Bernard Hopkins: He's Still Got It, but Can He Convince the Judges This Time?

Lou CatalanoContributor IIIMarch 1, 2011

LAS VEGAS - JULY 30:  Boxer Bernard Hopkins appears during the official weigh-in for WBA/WBO lightweight champion Juan Manuel Marquez and Juan Diaz at the Mandalay Bay Events Center July 30, 2010 in Las Vegas, Nevada. Marquez will defend his titles against Diaz on July 31 in Las Vegas.  (Photo by Ethan Miller/Getty Images)
Ethan Miller/Getty Images

It was inevitable. As the rounds added up and Bernard Hopkins continued putting on the pressure, landing combinations and shutting down Jean Pascal's offense, the thought crept in: Is he going to be able to get a decision here in Montreal?

We all know the answer. The problem Hopkins has now that the rematch is officially on is can he improve on his performance? Can he leave no doubt?

Early on, it looked like Hopkins was in serious trouble, possibly on his way to being stopped. His usually stout defense and balance were missing; he was dropped twice, seemingly by shots that he should have been able to stay up for. He was hesitant and ineffective offensively.

It was only after about five rounds, with his uncanny ability to adjust, coupled with the fact that he may have the best trainer in the world in Nazim Richardson, that he started to change the fight.

Of course, after he did adjust, he was spectacular. Pascal's left hook, which was finding its mark with frightening regularity early on, was completely shut down. Hopkins baited and then countered Pascal, rendering him a confused and gun-shy fighter. Pascal met the REAL Bernard Hopkins.

It's not really surprising that Hopkins started slow and then came on at the end. He seems to be content with saving some energy up in those middle-aged bones until the last part of the fight. His problem on the night he fought Pascal was that it is extremely hard to survive multiple knockdowns (clean or not) and come out with a decision. Compound that with the fact that the fight was in Pascal's backyard, and the odds were horribly stacked against B-Hop.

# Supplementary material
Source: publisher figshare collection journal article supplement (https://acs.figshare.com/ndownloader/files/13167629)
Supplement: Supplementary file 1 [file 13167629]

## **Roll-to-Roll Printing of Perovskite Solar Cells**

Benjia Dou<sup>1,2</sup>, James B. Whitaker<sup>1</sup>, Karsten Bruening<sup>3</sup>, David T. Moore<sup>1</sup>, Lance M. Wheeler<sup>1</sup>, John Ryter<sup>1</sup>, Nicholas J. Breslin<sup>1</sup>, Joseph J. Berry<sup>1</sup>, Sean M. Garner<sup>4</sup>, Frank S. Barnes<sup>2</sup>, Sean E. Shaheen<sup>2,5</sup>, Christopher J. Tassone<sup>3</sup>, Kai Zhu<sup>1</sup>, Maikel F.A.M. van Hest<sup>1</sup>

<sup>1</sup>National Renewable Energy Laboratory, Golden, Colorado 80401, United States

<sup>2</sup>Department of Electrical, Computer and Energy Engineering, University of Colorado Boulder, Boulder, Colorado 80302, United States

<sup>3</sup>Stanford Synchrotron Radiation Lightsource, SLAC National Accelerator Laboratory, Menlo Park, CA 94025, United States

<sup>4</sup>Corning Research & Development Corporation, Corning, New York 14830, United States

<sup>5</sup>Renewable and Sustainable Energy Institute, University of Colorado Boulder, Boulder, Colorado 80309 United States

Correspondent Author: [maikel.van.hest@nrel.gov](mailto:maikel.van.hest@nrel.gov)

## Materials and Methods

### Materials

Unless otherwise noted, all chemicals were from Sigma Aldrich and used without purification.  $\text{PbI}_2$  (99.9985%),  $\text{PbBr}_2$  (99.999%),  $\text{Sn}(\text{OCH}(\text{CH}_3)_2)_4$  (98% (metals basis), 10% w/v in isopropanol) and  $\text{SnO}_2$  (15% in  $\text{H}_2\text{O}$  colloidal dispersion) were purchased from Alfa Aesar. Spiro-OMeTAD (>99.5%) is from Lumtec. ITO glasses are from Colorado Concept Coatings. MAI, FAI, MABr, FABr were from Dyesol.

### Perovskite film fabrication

Now that he is getting a well-deserved rematch, can he come out firing early instead of in the middle rounds? Has he figured out Pascal enough that he can dominate the entire fight? What about Jean Pascal, who in the first few rounds looked better than any fighter against Hopkins in recent memory?

Pascal has loads of talent. He's obviously equipped to beat Hopkins. But does he have the will, the fortitude to step on the gas full throttle for all 12 rounds? He took stretches of the fight against Chad Dawson off, which made the fight closer than it should have been, as Dawson looked like a fighter whose pre-fight regimen involved eating an enormous turkey and shooting some heroin.

Against Hopkins, Pascal looked like the older fighter at the end. He needs to find a way to land accurately with the left hook again, as he did so well early on in the first fight. He needs to find a way to outwork the old guy, to force the fight and pressure Hopkins enough to make him uncomfortable.

Hopkins may have given his last great effort. At his age, getting old overnight isn't just a danger—it's inevitable. But if you were Jean Pascal, would you count on it?